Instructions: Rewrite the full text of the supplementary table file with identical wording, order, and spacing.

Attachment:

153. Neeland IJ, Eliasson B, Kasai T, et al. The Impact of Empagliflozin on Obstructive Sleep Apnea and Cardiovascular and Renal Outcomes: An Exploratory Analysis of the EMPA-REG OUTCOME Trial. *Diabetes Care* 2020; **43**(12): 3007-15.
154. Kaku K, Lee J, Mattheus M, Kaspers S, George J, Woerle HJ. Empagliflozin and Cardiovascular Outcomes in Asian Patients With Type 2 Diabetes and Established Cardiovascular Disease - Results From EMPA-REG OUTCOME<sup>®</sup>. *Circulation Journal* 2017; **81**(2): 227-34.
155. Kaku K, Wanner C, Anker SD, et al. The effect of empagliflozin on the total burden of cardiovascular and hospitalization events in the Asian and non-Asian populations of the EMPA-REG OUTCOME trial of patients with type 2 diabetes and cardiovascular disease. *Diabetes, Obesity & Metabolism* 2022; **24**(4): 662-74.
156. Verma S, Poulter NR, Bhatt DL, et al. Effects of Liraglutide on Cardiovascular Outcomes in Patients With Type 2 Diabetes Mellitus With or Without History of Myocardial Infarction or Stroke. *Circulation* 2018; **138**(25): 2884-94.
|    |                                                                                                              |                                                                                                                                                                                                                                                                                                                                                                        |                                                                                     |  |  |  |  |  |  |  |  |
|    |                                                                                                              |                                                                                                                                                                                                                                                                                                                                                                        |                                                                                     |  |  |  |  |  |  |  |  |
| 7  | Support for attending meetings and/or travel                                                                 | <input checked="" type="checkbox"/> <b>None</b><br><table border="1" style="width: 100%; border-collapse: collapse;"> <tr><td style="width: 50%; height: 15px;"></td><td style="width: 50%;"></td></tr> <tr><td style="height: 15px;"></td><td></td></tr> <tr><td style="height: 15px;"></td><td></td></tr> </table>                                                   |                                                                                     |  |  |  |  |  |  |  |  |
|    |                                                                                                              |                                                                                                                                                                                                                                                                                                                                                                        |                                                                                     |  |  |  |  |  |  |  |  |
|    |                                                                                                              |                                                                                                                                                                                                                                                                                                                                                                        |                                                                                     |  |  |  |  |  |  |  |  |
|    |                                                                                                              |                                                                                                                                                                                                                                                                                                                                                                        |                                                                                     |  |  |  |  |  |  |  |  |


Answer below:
153. Neeland IJ, Eliasson B, Kasai T, et al. The Impact of Empagliflozin on Obstructive Sleep Apnea and Cardiovascular and Renal Outcomes: An Exploratory Analysis of the EMPA-REG OUTCOME Trial. *Diabetes Care* 2020; **43**(12): 3007-15.
154. Kaku K, Lee J, Mattheus M, Kaspers S, George J, Woerle HJ. Empagliflozin and Cardiovascular Outcomes in Asian Patients With Type 2 Diabetes and Established Cardiovascular Disease - Results From EMPA-REG OUTCOME<sup>®</sup>. *Circulation Journal* 2017; **81**(2): 227-34.
155. Kaku K, Wanner C, Anker SD, et al. The effect of empagliflozin on the total burden of cardiovascular and hospitalization events in the Asian and non-Asian populations of the EMPA-REG OUTCOME trial of patients with type 2 diabetes and cardiovascular disease. *Diabetes, Obesity & Metabolism* 2022; **24**(4): 662-74.
156. Verma S, Poulter NR, Bhatt DL, et al. Effects of Liraglutide on Cardiovascular Outcomes in Patients With Type 2 Diabetes Mellitus With or Without History of Myocardial Infarction or Stroke. *Circulation* 2018; **138**(25): 2884-94.
|    |                                                                                                              |                                                                                                                                                                                                                                                                                                                                                                        |                                                                                     |  |  |  |  |  |  |  |  |
|    |                                                                                                              |                                                                                                                                                                                                                                                                                                                                                                        |                                                                                     |  |  |  |  |  |  |  |  |
| 7  | Support for attending meetings and/or travel                                                                 | <input checked="" type="checkbox"/> <b>None</b><br><table border="1" style="width: 100%; border-collapse: collapse;"> <tr><td style="width: 50%; height: 15px;"></td><td style="width: 50%;"></td></tr> <tr><td style="height: 15px;"></td><td></td></tr> <tr><td style="height: 15px;"></td><td></td></tr> </table>                                                   |                                                                                     |  |  |  |  |  |  |  |  |
|    |                                                                                                              |                                                                                                                                                                                                                                                                                                                                                                        |                                                                                     |  |  |  |  |  |  |  |  |
|    |                                                                                                              |                                                                                                                                                                                                                                                                                                                                                                        |                                                                                     |  |  |  |  |  |  |  |  |
|    |                                                                                                              |                                                                                                                                                                                                                                                                                                                                                                        |                                                                                     |  |  |  |  |  |  |  |  |